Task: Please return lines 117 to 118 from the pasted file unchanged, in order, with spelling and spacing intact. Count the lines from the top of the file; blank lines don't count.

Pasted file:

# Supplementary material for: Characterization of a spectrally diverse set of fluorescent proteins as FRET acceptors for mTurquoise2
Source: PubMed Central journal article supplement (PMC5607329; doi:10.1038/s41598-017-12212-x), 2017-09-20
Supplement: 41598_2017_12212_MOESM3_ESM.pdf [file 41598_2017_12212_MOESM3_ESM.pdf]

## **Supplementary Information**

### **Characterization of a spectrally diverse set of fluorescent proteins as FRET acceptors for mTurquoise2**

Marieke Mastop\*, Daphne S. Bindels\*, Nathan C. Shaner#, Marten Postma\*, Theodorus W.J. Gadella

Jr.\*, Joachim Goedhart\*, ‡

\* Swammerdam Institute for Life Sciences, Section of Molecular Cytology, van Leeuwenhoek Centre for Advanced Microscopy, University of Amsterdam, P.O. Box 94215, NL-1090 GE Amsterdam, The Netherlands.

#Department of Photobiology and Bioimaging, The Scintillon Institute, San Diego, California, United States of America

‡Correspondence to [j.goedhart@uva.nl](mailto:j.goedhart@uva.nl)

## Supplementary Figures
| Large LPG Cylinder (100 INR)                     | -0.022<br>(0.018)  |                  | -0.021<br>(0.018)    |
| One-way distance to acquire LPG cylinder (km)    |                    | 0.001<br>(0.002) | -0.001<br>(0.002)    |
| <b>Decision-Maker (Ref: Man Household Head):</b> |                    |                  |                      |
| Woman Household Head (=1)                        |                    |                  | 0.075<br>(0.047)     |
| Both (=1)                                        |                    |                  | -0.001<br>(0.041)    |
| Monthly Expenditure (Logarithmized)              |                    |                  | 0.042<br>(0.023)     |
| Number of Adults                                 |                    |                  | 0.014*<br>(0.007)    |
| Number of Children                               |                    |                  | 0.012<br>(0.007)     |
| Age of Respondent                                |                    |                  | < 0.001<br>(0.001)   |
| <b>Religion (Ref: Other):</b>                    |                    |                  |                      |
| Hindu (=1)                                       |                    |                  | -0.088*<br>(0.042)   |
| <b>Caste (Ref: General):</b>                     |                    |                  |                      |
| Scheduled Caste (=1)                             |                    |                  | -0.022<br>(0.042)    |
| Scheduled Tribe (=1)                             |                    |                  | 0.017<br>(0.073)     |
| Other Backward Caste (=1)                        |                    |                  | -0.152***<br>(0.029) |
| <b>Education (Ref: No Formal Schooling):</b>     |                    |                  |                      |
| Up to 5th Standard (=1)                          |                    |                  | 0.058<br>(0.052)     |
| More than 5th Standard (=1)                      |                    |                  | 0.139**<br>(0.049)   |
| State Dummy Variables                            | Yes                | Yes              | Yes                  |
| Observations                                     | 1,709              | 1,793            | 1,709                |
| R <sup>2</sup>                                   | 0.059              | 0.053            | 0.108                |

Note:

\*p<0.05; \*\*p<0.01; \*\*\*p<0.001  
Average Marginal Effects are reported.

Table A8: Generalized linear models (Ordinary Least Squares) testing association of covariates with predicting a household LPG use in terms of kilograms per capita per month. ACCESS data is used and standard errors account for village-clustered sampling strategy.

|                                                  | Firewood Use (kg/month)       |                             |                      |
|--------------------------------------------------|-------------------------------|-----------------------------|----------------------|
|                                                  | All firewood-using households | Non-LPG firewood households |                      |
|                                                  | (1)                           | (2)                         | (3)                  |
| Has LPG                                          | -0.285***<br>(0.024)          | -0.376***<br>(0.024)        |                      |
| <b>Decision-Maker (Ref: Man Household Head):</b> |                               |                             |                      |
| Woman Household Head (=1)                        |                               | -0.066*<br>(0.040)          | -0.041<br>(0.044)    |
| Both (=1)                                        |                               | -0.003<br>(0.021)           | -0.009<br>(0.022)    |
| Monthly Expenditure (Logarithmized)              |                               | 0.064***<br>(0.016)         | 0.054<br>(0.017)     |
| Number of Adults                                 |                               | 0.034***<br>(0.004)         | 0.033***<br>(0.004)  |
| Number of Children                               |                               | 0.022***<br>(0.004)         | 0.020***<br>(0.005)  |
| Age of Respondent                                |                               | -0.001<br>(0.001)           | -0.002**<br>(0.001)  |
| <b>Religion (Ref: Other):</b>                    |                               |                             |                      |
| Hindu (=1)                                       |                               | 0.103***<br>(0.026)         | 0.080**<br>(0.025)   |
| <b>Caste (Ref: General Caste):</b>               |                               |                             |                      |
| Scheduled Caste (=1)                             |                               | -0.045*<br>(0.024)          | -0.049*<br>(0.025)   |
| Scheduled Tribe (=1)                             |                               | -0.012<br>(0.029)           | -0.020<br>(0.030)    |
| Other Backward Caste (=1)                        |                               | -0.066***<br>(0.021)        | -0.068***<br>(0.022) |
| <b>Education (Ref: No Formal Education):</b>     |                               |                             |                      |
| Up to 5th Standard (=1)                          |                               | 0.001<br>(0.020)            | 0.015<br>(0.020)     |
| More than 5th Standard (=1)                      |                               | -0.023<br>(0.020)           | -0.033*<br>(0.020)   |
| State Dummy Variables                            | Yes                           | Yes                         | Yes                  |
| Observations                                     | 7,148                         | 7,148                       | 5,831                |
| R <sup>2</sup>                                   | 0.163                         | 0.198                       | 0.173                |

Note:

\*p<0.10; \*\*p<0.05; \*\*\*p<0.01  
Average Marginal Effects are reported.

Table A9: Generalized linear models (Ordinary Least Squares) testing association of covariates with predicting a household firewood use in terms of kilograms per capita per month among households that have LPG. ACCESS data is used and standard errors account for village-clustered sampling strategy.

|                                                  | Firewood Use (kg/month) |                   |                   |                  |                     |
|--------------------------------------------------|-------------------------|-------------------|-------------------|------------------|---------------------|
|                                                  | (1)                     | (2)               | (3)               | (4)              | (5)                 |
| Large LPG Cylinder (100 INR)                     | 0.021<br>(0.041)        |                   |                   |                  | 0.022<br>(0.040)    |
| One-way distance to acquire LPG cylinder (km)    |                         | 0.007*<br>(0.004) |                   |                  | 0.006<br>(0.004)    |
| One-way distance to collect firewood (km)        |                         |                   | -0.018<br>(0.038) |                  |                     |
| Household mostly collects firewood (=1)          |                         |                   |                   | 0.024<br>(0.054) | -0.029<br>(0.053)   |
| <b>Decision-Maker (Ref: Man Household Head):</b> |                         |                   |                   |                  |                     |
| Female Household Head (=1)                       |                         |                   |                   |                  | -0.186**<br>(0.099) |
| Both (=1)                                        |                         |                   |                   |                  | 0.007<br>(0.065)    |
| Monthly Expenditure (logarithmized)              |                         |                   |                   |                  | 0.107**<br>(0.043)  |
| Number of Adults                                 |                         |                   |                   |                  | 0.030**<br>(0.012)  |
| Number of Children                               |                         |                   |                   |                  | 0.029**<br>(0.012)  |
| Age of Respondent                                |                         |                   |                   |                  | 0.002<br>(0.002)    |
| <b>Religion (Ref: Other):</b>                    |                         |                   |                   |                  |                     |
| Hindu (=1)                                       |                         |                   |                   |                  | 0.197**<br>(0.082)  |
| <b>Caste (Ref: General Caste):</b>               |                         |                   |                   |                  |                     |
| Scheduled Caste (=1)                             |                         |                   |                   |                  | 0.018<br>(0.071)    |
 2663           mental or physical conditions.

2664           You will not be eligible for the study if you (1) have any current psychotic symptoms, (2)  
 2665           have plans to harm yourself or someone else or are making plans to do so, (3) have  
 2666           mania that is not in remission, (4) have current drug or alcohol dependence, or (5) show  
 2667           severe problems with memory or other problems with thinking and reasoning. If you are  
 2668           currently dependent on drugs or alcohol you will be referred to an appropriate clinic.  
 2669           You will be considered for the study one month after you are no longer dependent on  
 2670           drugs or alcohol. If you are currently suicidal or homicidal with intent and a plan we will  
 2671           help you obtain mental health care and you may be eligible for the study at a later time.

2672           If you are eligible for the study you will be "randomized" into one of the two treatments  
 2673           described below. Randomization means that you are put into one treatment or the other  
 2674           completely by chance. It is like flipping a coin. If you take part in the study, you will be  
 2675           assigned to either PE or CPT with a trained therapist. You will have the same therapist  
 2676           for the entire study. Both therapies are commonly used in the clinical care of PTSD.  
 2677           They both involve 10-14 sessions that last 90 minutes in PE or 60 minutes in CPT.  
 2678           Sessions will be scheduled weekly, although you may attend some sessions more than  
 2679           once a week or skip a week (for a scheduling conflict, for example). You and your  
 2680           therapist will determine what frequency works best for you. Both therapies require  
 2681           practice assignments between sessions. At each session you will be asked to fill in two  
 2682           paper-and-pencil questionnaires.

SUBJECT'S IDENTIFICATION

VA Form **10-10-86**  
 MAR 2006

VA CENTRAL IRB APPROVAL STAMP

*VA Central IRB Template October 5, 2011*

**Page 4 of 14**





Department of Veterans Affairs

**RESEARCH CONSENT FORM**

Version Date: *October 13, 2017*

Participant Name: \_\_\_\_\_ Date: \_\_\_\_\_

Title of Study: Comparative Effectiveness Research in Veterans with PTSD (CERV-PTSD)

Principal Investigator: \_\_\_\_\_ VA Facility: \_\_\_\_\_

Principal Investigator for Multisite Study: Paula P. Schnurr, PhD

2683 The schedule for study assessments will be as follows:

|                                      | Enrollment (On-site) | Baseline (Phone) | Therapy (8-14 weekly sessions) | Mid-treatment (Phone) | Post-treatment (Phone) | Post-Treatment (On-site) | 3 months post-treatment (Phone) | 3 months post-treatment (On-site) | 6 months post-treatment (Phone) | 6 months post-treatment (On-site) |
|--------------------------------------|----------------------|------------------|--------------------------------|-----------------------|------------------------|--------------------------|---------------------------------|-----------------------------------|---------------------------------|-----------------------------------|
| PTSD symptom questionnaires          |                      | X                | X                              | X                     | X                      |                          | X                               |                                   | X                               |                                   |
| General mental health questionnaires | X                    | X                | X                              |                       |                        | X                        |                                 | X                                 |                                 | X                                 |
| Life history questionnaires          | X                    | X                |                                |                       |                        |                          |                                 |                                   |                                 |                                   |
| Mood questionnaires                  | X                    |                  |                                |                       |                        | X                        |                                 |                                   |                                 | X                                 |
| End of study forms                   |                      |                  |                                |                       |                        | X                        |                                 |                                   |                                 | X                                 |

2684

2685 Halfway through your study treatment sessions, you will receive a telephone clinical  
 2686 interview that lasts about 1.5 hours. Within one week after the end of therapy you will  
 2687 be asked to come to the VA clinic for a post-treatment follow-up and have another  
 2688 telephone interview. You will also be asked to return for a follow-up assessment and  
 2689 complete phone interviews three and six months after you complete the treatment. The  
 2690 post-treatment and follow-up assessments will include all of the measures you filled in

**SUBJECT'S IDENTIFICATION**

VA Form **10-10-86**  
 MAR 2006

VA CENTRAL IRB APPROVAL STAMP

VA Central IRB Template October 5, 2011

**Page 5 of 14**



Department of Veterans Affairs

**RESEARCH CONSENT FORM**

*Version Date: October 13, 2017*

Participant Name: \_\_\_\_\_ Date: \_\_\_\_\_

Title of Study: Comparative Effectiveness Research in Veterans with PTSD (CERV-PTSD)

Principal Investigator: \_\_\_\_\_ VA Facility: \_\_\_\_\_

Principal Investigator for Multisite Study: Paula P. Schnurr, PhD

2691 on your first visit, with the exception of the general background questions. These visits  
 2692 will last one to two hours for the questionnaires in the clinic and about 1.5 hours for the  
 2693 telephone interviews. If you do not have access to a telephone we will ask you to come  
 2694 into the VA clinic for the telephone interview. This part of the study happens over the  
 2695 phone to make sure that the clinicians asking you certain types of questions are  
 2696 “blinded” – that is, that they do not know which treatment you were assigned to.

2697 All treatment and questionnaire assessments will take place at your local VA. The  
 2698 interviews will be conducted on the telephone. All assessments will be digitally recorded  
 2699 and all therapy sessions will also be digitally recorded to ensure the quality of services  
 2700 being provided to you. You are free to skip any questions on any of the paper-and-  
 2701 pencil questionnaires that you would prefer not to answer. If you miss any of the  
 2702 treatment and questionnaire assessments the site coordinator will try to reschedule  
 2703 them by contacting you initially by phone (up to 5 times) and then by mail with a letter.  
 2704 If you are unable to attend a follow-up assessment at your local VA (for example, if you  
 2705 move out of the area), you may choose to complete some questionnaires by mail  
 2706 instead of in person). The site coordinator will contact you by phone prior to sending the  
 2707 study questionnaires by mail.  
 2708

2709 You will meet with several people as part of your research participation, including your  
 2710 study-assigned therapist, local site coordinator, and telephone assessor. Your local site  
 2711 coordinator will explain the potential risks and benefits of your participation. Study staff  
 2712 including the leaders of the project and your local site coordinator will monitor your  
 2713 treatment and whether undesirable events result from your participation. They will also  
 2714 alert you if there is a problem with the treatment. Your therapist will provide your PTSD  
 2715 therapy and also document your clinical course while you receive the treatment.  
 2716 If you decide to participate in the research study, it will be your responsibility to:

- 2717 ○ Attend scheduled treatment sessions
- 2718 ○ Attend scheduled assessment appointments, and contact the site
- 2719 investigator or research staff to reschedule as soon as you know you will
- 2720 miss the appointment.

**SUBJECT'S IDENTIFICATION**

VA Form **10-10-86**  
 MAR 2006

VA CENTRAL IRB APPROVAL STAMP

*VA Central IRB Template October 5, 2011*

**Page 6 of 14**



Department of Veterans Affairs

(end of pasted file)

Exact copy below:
|                                      | Enrollment (On-site) | Baseline (Phone) | Therapy (8-14 weekly sessions) | Mid-treatment (Phone) | Post-treatment (Phone) | Post-Treatment (On-site) | 3 months post-treatment (Phone) | 3 months post-treatment (On-site) | 6 months post-treatment (Phone) | 6 months post-treatment (On-site) |
|--------------------------------------|----------------------|------------------|--------------------------------|-----------------------|------------------------|--------------------------|---------------------------------|-----------------------------------|---------------------------------|-----------------------------------|